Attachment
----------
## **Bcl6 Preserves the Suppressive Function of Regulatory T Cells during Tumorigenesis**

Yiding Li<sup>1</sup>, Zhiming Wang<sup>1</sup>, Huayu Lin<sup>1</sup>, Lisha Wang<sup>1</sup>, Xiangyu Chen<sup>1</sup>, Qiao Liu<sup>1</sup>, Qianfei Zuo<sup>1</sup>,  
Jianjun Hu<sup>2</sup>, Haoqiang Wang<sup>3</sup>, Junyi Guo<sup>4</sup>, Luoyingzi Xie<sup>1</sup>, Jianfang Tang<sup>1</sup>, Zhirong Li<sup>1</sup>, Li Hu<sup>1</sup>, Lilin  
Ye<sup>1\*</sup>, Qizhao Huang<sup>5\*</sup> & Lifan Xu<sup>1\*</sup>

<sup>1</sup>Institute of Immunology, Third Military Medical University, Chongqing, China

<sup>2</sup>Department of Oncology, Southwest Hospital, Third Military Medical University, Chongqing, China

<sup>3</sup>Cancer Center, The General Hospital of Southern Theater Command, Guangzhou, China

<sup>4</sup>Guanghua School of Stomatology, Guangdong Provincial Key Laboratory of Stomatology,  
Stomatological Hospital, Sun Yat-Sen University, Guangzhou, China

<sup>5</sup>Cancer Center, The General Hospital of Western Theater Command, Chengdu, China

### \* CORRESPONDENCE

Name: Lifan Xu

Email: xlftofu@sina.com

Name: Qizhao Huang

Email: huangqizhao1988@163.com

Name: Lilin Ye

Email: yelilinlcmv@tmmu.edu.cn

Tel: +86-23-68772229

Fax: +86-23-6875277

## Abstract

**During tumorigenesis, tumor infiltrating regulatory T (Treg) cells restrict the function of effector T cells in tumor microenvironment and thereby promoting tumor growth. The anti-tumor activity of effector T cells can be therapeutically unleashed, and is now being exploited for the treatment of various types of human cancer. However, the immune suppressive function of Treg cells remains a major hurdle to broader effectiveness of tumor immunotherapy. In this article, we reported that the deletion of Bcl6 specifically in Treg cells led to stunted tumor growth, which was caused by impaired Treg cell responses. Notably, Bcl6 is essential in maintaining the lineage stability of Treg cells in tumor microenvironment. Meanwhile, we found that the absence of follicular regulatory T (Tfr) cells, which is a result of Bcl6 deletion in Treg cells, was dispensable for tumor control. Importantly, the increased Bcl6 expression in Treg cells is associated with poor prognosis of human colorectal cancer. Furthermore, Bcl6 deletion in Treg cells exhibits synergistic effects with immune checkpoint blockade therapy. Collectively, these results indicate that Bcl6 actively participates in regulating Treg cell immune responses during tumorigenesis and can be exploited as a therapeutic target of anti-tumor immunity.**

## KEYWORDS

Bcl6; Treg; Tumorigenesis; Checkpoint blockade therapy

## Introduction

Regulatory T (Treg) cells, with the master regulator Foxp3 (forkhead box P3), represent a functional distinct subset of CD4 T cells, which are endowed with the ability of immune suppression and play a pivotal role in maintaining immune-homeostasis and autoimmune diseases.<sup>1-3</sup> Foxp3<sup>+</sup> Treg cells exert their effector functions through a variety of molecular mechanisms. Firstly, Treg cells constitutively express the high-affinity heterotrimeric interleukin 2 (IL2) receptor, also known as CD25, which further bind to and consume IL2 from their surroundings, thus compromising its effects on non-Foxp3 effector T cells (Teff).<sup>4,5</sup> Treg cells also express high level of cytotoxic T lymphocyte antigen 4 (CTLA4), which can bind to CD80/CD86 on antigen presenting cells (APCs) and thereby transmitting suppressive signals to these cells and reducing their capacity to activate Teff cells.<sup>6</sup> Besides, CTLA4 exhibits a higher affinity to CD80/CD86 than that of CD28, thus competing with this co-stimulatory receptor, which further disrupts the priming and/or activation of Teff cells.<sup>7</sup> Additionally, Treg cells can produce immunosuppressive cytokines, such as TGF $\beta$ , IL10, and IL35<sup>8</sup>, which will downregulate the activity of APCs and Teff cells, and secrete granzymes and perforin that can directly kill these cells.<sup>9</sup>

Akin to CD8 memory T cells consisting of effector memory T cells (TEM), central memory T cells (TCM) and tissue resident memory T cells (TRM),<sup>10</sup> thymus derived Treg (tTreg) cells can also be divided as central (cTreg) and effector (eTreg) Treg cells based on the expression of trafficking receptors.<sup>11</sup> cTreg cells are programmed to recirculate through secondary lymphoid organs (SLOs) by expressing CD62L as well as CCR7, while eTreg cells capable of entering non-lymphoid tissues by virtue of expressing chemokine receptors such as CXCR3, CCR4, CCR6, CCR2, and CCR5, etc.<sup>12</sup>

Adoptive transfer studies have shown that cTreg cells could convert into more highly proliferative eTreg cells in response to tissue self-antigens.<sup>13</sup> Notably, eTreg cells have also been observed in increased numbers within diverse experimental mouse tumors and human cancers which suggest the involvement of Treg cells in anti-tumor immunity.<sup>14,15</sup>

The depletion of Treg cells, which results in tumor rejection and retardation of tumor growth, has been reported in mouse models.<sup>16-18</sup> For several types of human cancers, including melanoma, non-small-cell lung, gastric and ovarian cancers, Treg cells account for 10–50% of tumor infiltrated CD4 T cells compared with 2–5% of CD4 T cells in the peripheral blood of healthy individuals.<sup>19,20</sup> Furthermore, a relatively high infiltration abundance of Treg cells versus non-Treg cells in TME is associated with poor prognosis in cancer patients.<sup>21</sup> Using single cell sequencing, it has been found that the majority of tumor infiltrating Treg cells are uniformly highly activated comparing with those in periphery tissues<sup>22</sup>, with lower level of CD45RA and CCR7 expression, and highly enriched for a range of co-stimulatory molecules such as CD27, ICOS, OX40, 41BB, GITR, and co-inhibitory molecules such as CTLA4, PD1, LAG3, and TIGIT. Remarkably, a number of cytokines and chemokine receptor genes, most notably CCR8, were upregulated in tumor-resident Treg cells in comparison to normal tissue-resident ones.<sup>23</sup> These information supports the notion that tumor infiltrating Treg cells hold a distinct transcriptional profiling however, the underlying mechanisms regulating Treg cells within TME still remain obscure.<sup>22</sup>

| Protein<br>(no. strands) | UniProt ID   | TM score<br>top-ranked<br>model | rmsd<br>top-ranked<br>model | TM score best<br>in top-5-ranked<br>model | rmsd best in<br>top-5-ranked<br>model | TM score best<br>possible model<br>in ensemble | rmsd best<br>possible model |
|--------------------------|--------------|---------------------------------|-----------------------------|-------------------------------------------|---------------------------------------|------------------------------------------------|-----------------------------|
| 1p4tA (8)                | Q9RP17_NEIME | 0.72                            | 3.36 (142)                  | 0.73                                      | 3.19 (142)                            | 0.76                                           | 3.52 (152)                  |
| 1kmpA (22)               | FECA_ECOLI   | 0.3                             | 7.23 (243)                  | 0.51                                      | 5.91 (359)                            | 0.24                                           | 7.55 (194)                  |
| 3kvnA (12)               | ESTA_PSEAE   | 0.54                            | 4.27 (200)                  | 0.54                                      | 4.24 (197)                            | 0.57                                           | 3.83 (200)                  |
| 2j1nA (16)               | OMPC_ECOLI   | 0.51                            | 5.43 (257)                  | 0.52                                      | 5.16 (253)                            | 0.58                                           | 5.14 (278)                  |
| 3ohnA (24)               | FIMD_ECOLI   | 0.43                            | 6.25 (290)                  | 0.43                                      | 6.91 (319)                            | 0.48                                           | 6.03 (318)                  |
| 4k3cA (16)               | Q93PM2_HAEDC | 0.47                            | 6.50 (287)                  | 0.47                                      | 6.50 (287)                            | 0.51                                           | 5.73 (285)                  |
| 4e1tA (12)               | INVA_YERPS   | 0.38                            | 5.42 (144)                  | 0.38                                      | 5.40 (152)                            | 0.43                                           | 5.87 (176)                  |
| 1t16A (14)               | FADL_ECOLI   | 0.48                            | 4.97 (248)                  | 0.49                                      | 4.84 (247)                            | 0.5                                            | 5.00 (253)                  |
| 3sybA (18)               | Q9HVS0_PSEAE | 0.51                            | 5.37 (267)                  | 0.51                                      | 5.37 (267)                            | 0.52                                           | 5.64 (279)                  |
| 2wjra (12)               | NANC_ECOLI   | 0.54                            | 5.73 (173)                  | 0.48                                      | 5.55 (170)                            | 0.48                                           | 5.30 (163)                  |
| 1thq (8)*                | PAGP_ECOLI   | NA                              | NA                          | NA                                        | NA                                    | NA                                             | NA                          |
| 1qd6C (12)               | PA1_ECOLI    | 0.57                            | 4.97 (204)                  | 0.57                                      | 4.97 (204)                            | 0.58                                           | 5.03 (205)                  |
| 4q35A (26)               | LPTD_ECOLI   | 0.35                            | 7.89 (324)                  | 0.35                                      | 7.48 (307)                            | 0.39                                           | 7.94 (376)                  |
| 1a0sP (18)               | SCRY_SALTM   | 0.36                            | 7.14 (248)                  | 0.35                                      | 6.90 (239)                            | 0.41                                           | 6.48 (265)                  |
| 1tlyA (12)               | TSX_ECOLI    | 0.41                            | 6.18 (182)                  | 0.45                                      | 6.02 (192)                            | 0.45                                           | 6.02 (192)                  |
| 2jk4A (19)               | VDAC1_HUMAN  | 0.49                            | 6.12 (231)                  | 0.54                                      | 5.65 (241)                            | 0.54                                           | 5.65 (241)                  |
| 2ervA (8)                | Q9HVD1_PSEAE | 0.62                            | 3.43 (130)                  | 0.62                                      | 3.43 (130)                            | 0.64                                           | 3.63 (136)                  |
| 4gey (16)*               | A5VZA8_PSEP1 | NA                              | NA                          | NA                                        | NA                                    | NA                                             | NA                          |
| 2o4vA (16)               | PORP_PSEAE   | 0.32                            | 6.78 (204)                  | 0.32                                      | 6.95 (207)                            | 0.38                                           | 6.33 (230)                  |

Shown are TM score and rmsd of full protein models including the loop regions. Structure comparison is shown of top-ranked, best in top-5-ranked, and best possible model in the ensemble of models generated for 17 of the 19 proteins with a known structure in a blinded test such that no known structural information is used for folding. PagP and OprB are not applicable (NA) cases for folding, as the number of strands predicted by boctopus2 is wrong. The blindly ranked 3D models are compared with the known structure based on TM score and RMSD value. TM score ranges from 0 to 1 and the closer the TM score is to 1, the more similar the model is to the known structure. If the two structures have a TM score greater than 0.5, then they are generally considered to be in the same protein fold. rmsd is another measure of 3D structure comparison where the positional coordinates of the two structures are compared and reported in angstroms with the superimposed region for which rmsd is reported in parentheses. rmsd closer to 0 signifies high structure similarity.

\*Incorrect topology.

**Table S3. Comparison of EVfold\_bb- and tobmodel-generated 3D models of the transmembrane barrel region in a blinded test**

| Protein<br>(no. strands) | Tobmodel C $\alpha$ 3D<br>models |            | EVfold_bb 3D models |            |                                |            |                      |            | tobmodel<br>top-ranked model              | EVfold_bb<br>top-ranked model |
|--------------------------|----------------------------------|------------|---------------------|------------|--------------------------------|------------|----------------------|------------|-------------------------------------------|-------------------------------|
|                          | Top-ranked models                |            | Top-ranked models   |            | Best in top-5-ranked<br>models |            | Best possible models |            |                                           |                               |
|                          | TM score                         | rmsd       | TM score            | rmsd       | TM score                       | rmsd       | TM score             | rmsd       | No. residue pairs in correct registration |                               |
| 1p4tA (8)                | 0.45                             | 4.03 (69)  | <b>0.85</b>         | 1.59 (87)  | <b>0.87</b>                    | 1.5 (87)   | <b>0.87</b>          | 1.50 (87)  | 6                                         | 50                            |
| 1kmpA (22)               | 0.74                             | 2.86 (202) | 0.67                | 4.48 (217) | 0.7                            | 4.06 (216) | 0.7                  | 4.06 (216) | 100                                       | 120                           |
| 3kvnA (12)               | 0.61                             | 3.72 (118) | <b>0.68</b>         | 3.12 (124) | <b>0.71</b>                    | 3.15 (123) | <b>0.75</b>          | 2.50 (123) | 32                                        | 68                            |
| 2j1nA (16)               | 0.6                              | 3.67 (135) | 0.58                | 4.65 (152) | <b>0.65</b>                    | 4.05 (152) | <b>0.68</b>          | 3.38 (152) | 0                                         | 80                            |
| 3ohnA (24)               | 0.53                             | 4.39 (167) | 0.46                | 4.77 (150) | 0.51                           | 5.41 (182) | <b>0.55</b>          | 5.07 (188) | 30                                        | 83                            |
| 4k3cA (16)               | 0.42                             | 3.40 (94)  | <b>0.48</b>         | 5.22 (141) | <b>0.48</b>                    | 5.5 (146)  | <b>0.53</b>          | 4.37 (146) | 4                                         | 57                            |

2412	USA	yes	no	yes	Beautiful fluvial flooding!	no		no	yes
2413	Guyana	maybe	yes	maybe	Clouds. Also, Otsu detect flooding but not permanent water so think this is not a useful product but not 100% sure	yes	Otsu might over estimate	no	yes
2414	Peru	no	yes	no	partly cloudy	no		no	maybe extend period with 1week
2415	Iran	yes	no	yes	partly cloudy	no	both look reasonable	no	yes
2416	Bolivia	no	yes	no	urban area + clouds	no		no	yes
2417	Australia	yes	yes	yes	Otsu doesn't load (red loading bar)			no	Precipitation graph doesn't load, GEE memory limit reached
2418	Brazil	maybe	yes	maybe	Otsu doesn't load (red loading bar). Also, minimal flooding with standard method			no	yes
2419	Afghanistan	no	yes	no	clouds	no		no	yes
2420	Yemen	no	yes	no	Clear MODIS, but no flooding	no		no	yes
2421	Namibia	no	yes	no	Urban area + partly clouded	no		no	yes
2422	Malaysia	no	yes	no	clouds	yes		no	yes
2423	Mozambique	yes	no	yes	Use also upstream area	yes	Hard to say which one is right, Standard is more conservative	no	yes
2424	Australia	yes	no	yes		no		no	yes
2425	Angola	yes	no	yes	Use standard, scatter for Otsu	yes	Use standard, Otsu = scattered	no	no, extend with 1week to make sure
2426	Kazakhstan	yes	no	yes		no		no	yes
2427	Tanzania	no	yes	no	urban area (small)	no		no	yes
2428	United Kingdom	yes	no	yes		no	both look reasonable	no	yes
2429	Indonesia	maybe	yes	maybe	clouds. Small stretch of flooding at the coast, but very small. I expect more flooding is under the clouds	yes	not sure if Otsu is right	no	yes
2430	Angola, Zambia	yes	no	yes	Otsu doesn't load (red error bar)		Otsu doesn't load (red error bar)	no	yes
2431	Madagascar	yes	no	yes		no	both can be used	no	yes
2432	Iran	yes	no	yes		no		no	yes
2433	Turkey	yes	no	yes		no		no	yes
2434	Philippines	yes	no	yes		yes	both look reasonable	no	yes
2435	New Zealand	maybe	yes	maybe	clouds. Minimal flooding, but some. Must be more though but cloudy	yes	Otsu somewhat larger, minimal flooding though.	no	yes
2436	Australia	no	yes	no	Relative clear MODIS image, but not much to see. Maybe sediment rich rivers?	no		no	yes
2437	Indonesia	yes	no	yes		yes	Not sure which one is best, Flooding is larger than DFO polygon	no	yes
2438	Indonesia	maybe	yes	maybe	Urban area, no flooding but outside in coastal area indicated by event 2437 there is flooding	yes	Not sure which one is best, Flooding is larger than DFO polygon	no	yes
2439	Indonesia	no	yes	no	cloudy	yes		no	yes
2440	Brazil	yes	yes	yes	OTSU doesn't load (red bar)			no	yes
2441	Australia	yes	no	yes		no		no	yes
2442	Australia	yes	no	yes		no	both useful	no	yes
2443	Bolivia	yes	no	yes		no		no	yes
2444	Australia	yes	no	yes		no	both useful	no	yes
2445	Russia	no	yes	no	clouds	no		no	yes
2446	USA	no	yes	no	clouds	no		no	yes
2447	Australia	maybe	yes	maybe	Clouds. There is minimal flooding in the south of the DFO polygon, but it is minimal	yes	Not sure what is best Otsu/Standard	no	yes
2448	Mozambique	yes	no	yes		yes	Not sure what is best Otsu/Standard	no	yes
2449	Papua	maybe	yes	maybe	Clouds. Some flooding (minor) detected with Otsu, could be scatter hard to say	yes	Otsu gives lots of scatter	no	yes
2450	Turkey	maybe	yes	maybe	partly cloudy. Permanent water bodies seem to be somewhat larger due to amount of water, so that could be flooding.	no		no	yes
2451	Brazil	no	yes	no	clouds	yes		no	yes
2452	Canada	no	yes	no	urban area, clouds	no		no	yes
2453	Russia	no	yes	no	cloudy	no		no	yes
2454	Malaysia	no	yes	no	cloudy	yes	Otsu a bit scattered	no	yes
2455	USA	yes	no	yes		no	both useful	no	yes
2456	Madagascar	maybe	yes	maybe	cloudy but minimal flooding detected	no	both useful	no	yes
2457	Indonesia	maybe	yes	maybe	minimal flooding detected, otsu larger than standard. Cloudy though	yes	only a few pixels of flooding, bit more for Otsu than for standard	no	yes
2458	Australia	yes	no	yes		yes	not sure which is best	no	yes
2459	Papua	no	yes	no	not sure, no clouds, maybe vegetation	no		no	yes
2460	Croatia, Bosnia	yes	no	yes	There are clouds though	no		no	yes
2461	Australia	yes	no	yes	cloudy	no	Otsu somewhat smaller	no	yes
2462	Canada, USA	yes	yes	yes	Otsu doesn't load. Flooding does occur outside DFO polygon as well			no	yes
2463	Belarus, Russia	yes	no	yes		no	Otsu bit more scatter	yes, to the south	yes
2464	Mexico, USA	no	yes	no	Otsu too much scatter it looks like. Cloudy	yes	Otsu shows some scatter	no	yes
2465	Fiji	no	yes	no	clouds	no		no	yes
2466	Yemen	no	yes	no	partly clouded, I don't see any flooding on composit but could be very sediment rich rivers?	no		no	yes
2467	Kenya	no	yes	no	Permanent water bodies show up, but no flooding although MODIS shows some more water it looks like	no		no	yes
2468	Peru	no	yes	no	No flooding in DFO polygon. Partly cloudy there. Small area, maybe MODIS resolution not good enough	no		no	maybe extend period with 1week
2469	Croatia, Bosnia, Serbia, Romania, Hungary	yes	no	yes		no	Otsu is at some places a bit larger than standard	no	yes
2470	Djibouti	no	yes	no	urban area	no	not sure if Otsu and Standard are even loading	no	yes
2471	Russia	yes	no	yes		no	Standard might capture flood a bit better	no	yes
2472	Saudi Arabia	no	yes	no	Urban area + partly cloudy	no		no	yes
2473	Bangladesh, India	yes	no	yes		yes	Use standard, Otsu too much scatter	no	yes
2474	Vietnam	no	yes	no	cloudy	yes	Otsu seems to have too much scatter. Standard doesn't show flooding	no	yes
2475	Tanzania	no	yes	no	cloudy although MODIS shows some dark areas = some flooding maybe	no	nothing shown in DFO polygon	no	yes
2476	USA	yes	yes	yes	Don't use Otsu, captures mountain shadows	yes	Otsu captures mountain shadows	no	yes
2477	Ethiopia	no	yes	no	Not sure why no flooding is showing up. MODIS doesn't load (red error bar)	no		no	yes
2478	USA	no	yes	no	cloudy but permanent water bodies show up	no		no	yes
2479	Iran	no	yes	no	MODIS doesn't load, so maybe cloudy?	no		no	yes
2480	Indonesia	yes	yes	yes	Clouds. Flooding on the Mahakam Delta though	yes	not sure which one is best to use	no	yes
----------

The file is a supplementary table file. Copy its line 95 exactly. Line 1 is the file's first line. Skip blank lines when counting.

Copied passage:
2444	Australia	yes	no	yes		no	both useful	no	yes